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High Molecular Weight Kininogen Deficiency

A message from Kim Kinney at Clarian:

Hi George, I am giving a case study presentation and one of the studies is about a woman who had a homozygous HMWK (Fitzgerald factor)  deficiency. While we were working her up we read in a reference about the Fletcher factor (PK)  screening test where you incubate patient plasma with PTT reagent that contains either kaolin or silica as the activator. If after a 10-minute vs the usual 3- or 5-minute activation the time corrects, it could be a PK deficiency. Do you know why this happens?

Also, I read that moderately low PK levels are found in most homozygous HK deficient patients. Do you know why that is other then they bind together? Thanks, Kim

Hi, Kim. Love your questions, they gave me another two hours in the books! There are several articles from the 70s and 80s documenting the 10-minute incubation with kaolin or Celite to detect PK deficiency. This does not work with PTT reagents that use ellagic acid as the activator. However, none of the articles even speculate on the mechanism.

I’ve had the notion that the prolonged incubation activates XII and HMWK, subsequently activating XI while bypassing PK, but have no proof. The prolonged incubation does not correct the PTT prolongation associated with XII or HMWK deficiency. See Hattersley PG, Hayse D. The effect of increased contact activation time on the activated partial thromboplastin time. Am J Clin Pathol 1976; 66: 479.

I’ve not seen an association of PK deficiency with HK deficiency, and couldn’t find it in my two favorite references, Colman or Kitchens. Please send me your reference, as I am curious. Meanwhile, maybe one of our participants has the answer. Geo.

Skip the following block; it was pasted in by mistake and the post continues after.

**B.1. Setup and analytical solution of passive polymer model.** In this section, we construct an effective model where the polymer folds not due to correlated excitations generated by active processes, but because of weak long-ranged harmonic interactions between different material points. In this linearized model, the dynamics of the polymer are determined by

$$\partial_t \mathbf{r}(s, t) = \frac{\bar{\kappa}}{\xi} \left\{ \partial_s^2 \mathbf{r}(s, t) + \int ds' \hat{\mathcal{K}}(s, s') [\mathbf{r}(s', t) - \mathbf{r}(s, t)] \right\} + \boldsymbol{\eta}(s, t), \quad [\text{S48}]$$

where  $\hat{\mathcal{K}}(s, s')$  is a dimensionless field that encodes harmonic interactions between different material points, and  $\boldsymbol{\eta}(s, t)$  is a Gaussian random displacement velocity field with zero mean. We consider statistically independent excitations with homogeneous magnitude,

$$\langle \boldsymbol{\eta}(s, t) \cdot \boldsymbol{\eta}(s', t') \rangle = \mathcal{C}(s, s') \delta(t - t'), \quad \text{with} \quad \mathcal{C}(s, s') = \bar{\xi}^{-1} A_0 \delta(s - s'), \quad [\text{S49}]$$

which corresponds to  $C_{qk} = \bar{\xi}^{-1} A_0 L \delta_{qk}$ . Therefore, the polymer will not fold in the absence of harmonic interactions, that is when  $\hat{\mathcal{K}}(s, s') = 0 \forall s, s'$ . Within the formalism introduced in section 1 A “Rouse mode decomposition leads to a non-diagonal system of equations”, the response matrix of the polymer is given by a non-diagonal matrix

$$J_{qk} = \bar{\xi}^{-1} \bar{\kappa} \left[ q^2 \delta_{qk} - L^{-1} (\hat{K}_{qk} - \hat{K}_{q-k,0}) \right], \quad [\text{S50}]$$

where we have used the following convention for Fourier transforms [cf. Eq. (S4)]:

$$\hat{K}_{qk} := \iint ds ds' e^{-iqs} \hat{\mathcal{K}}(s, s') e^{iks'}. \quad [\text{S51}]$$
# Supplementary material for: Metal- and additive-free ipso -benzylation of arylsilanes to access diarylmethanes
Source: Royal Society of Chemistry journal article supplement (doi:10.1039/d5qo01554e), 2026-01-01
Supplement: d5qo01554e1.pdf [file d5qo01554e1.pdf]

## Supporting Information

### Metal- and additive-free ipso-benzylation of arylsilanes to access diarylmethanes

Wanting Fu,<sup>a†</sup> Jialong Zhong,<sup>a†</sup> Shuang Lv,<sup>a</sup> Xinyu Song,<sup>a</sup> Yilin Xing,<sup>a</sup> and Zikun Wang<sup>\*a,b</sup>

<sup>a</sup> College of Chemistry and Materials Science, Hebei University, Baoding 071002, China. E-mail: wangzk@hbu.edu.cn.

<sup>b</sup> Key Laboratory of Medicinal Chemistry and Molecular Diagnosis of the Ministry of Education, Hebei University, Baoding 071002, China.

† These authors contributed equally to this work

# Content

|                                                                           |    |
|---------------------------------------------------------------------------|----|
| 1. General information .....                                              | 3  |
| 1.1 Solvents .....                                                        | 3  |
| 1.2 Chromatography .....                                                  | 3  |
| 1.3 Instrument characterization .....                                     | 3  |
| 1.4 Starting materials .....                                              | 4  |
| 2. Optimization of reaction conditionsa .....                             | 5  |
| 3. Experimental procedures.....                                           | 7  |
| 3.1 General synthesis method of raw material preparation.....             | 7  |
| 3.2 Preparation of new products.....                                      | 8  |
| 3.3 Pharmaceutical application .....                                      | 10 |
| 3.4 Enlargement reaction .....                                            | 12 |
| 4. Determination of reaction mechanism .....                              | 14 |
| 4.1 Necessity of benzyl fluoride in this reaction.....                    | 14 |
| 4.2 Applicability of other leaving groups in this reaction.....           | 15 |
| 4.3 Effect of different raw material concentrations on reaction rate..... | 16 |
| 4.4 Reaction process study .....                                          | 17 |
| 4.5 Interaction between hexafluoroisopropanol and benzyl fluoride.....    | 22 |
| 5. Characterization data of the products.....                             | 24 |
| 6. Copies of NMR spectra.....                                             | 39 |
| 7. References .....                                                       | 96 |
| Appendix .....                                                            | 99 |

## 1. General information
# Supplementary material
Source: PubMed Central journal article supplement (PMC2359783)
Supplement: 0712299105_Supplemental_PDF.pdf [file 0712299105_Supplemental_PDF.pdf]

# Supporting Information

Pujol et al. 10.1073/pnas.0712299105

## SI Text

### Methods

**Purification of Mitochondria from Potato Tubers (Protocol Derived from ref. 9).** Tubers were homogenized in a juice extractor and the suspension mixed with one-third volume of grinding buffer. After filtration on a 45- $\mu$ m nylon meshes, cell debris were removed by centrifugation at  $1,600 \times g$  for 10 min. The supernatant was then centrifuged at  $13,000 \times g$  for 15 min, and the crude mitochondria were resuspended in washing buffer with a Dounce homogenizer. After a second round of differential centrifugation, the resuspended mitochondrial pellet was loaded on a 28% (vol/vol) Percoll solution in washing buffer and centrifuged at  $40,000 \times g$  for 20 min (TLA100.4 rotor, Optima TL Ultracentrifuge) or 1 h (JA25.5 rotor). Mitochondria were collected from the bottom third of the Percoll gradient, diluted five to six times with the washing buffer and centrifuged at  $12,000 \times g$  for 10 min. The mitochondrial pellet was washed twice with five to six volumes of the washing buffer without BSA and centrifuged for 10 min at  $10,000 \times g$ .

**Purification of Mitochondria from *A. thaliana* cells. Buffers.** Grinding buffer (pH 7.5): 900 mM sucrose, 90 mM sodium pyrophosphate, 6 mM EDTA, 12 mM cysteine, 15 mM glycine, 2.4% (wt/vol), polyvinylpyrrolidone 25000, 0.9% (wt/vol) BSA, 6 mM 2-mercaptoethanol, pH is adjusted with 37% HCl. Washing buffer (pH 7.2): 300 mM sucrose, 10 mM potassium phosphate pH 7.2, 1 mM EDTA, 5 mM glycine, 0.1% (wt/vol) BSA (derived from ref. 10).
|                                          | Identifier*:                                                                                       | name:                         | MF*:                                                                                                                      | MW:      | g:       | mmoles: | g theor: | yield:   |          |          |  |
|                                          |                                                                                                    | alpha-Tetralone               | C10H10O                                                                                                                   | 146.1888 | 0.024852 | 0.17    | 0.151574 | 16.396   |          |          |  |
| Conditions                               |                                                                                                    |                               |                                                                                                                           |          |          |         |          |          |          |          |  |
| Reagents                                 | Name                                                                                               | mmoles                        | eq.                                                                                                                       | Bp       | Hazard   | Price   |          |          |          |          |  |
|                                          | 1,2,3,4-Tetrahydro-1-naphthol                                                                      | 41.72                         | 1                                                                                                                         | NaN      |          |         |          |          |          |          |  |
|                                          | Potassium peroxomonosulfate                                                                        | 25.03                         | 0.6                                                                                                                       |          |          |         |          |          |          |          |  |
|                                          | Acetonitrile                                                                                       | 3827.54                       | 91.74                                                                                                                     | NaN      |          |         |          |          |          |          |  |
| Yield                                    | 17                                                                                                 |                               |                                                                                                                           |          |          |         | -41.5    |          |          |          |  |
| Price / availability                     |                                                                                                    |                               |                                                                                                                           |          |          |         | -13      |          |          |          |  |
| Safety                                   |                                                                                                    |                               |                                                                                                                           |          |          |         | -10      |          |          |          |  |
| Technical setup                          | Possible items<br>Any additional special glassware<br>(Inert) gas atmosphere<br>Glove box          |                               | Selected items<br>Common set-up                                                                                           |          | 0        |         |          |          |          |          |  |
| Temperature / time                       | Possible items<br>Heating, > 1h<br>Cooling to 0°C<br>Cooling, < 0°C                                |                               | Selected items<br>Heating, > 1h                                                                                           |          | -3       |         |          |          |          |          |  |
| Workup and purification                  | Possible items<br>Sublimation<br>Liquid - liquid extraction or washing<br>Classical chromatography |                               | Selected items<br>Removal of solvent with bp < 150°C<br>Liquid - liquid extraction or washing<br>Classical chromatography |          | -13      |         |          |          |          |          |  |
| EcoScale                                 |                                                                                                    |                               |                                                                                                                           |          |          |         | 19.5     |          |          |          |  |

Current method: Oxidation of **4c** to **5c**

Comments (4)
Apr 24, 2013 8:14am

Regarding prolonged activation times-I’m getting fr

Regarding prolonged activation times-I’m getting frustrated. I had more success with playing with this 15 years ago! However, this is what our lab does for PK and HMWK. First we do a straight (silica)PTT mixing study with incubation. When it corrects without prolonging and all other factors are normal we go to a specific PTT mix using known PK deficient then HMWK deficient plasma. When we find correction with one and non-correction (bingo!)with the other mix and we know which deficiency we have. Do you see any flaws in this rational?
P.S. We do not quantify these two factors because of maintenance on assays that would be rarely used.

Apr 7, 2010 10:09am

That does make sense. Well, I have done more digging on the
That does make sense. Well, I have done more digging on the good ol’ internet and found some more info about the Fletcher Factor test..still not sure I get it. I quoted below.

” However, a good tip-off to the diagnosis of PK or HMWK deficiency is that the prolonged APTT is significantly shortened by prolonged preincubation of the patient’s plasma with kaolin and cephalin (for example, preincubation for 10–20 minutes instead of the standard 1 minute), which allows sufficient auto-activation of factor XII, thus bypassing the requirement of PK or HMWK.” I still don’t see how that distinguishes PK from HMWK

Apr 7, 2010 6:21am

Thanks, Kim. I phoned Dave McGlasson after posting this and
Thanks, Kim. I phoned Dave McGlasson after posting this and he pointed me to articles by Alvin Schmaier, MD, University of Michigan, who has done a lot of work on PK and HK. Schmaier is referenced by Goodnight and Hathaway. It appears that HK assembles on endothelial cell surface receptors and their activates PK. PK in turn activates XII. I’ll speculate that without HK present, the inactive form of PK may not get measured in a factor assay.

Apr 7, 2010 5:51am

Thanks George,
Here is my reference: Goodnight SH, Hathaway

Thanks George,
Here is my reference: Goodnight SH, Hathaway WE. Disorders of Hemostasis & Thrombosis, A Clinical Guide, 2nd Edition, McGraw-Hill, New York 2001, Chapter 16, p 157.

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